The Colonial Construction of the Indian Past

Gyanendra Pandey

in The Construction of Communalism in Colonial North India

Published in print August 2006 | ISBN: 9780198077305
Published online October 2012 | e-ISBN: 9780199081097 | DOI:
The Colonial Construction of the Indian Past

Show Summary Details


This chapter addresses the following question: How did colonialist observers ‘read’ the history of Hindu–Muslim strife that they dug up in the course of their attempts to come to grips with Indian society? It draws on the evidence relating to the ‘grave’ Banaras riots of 1809, which figure prominently in colonial diagnoses of the social and political condition of India in the nineteenth and twentieth centuries. It demonstrates that a methodical reordering of Indian history was in process as the colonial regime set out to systematize its knowledge and consolidate its power. The most striking feature of the colonial writings under discussion and also perhaps the least investigated — in part because it has passed without much change into nationalist writings and a good deal of recent historiography — is the reduction of Indian history to the history of the state.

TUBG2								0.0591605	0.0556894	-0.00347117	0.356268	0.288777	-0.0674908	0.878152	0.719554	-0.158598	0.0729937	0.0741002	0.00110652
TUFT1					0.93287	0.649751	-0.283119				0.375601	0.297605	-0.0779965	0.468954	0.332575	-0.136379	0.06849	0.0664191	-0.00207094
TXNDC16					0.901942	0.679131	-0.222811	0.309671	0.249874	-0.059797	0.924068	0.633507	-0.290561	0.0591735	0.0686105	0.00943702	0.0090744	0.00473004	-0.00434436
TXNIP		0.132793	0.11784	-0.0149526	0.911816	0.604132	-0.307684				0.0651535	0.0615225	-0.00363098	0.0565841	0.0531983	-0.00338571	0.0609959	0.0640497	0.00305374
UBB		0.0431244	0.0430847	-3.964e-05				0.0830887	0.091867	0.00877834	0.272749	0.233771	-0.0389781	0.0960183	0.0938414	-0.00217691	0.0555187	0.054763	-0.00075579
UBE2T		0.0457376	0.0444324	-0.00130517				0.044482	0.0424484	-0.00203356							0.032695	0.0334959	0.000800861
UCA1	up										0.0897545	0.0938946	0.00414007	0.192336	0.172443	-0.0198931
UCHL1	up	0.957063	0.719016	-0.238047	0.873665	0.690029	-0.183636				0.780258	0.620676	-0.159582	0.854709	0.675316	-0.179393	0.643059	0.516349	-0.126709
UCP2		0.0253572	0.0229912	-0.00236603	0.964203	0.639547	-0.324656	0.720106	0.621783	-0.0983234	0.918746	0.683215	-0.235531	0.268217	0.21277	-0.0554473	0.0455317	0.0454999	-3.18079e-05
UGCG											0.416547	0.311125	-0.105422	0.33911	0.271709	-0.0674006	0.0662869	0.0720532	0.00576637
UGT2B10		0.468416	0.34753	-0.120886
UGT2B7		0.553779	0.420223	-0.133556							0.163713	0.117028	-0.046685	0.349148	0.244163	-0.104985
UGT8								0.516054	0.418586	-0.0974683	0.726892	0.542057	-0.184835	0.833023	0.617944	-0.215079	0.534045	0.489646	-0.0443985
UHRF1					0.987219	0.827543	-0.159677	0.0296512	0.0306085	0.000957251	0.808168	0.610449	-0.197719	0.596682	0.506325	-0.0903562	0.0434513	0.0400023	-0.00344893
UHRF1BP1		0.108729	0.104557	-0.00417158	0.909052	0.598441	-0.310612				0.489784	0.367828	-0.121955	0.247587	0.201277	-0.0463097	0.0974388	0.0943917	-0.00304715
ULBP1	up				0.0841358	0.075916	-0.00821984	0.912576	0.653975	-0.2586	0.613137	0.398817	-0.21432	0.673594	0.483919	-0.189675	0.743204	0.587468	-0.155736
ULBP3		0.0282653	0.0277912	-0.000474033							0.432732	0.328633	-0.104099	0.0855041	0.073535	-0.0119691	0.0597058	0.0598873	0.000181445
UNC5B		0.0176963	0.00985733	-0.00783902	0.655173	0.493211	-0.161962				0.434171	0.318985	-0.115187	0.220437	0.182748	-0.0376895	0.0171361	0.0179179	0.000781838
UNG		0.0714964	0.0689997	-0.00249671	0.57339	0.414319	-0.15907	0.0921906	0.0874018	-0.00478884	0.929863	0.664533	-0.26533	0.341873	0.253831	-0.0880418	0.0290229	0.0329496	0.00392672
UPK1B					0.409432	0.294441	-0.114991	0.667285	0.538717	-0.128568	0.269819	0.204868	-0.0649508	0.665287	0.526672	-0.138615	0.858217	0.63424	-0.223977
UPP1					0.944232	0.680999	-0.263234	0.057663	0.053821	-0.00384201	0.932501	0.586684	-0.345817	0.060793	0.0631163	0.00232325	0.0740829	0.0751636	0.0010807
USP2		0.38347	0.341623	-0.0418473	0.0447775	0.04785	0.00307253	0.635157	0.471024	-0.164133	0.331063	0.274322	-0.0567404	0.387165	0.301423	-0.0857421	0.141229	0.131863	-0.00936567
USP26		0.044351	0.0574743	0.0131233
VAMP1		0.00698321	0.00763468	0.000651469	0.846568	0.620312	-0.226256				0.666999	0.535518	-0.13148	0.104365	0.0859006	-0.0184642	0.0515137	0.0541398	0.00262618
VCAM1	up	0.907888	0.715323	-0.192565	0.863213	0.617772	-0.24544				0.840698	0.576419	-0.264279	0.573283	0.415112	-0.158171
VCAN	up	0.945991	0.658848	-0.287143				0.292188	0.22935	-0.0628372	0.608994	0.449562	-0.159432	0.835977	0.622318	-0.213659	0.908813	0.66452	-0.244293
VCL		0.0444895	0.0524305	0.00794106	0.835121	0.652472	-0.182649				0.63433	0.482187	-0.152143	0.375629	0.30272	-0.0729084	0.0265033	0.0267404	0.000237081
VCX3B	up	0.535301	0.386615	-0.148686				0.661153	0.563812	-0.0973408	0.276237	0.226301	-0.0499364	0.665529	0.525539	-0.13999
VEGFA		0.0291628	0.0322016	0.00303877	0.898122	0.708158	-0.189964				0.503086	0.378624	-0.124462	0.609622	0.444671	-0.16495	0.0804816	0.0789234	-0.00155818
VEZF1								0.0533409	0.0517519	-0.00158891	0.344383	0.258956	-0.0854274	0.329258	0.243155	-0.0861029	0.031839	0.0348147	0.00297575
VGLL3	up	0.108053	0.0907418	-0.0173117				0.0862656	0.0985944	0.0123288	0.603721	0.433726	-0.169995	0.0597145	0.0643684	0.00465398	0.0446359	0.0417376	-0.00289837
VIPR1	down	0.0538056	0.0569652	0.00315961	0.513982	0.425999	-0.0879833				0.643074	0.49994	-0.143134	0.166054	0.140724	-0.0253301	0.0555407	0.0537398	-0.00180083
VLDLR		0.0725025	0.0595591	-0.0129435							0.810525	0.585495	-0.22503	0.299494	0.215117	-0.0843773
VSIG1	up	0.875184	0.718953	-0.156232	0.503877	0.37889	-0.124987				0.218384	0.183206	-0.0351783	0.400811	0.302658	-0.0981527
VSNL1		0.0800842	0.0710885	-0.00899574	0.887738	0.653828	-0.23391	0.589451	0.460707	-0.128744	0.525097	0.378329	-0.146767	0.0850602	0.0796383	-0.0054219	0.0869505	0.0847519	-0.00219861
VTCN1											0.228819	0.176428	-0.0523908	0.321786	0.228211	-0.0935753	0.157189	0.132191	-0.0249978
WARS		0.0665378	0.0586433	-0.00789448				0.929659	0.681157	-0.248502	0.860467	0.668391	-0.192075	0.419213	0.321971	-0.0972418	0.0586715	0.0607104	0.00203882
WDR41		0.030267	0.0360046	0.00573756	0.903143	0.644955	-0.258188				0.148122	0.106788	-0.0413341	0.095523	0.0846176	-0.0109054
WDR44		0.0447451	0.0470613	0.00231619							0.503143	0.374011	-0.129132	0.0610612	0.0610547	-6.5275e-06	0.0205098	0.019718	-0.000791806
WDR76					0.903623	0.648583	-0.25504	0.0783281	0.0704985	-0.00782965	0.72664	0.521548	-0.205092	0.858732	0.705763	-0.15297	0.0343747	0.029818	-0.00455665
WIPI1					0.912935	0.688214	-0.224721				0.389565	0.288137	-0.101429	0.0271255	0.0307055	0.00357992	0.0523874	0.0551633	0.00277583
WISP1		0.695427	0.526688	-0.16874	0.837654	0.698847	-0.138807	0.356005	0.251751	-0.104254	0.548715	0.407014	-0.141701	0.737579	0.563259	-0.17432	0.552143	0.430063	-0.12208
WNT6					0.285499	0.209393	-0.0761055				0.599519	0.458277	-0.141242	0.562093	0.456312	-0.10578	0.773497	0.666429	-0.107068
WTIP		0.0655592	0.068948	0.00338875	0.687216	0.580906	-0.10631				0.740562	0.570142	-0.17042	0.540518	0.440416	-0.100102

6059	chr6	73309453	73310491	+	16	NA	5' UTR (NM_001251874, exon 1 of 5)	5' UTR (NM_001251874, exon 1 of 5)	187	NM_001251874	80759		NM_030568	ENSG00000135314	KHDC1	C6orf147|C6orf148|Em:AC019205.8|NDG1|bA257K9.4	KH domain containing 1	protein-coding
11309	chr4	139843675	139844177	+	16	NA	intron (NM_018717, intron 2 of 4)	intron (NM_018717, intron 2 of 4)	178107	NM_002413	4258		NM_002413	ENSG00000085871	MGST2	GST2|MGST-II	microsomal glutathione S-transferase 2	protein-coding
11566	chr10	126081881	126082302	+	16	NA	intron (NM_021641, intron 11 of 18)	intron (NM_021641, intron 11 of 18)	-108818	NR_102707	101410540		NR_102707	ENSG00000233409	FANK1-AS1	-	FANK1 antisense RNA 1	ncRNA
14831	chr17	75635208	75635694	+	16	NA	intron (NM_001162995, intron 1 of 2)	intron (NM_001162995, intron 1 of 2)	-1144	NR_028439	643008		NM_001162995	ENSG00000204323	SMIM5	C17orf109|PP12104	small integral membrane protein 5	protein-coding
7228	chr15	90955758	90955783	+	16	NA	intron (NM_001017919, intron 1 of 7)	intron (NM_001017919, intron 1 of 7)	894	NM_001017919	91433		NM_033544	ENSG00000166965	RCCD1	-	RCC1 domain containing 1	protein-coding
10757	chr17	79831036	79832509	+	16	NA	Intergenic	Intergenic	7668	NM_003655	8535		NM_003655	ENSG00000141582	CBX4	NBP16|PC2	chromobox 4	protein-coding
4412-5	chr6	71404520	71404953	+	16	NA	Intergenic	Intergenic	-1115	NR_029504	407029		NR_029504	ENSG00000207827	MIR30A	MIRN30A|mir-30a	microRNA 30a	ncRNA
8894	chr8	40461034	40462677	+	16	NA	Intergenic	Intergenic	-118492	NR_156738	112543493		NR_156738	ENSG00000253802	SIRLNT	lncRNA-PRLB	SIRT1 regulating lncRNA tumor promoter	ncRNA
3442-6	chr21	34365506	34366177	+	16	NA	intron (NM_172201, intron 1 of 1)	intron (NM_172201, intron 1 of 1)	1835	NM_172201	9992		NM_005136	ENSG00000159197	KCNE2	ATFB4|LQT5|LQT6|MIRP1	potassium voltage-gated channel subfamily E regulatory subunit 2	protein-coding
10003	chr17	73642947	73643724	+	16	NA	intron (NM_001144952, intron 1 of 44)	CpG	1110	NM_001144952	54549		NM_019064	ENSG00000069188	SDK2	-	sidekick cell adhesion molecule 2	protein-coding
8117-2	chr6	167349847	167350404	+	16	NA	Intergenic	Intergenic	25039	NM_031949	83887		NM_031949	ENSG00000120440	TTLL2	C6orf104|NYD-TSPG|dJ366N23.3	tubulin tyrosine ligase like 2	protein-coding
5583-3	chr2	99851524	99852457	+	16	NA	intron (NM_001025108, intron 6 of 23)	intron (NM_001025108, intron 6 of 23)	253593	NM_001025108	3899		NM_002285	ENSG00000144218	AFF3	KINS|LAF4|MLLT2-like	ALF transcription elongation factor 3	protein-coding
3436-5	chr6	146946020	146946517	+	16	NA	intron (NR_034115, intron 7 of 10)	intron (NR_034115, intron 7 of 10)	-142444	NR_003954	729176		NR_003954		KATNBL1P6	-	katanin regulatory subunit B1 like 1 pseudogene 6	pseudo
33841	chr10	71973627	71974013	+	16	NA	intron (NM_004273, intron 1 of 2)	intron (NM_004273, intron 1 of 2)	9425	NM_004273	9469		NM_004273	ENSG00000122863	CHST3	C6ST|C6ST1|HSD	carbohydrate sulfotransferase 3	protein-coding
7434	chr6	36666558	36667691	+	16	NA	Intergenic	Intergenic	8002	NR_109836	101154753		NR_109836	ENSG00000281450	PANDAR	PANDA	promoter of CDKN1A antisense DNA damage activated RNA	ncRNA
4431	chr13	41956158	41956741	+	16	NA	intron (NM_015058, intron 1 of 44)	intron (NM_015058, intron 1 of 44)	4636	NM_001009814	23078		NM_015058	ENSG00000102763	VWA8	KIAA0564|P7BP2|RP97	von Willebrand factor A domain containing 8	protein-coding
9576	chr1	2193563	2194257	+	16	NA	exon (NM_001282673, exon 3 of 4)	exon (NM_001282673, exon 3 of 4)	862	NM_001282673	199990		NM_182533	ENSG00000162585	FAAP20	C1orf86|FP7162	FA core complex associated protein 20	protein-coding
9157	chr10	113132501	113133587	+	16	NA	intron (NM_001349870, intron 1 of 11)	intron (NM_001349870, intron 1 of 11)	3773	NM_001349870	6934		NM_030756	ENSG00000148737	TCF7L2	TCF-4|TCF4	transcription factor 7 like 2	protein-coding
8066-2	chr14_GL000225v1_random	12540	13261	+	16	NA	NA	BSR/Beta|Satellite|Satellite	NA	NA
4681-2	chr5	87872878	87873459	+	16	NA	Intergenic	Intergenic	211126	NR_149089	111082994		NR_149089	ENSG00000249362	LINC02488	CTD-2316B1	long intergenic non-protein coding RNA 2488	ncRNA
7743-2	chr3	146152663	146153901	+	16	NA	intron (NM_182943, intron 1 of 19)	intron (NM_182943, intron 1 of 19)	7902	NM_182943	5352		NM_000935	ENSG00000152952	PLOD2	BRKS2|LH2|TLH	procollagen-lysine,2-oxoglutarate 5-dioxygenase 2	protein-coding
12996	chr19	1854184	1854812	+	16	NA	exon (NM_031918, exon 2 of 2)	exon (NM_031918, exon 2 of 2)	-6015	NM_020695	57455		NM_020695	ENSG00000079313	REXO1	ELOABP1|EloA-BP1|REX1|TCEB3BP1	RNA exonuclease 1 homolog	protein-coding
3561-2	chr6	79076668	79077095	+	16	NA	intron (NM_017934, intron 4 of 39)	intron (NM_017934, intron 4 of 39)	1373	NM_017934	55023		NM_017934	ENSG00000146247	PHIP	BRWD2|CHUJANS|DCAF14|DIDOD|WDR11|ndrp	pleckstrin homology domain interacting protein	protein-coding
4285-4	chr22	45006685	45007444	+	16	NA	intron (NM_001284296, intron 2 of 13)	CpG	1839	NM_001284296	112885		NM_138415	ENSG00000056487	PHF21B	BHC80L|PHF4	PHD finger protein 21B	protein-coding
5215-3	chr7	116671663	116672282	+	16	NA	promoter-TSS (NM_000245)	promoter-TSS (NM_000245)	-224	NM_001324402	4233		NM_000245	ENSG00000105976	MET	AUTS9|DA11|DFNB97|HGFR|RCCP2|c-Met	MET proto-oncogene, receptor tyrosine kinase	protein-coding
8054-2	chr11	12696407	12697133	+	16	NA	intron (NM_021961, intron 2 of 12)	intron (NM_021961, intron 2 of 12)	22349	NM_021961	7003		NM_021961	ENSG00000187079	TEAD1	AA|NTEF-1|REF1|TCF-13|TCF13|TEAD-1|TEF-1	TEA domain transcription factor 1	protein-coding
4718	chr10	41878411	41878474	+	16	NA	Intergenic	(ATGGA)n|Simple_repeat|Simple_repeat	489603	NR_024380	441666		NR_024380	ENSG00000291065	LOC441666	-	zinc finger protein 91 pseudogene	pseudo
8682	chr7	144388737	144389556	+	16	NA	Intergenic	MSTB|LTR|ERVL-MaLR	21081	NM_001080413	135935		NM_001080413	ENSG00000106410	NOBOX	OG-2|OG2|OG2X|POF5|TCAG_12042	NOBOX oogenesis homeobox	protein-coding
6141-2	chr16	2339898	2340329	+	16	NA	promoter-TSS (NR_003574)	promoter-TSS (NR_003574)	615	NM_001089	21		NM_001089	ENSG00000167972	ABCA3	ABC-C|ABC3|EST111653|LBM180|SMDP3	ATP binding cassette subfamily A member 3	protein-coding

Keywords: colonial observers; Hindu–Muslim strife; Banaras riots; colonial regime; colonial writings; nationalist writings; recent historiography

Chapter.  16375 words. 

Full text: subscription required

How to subscribe Recommend to my Librarian

Buy this work at Oxford University Press »

Users without a subscription are not able to see the full content. Please, subscribe or login to access all content.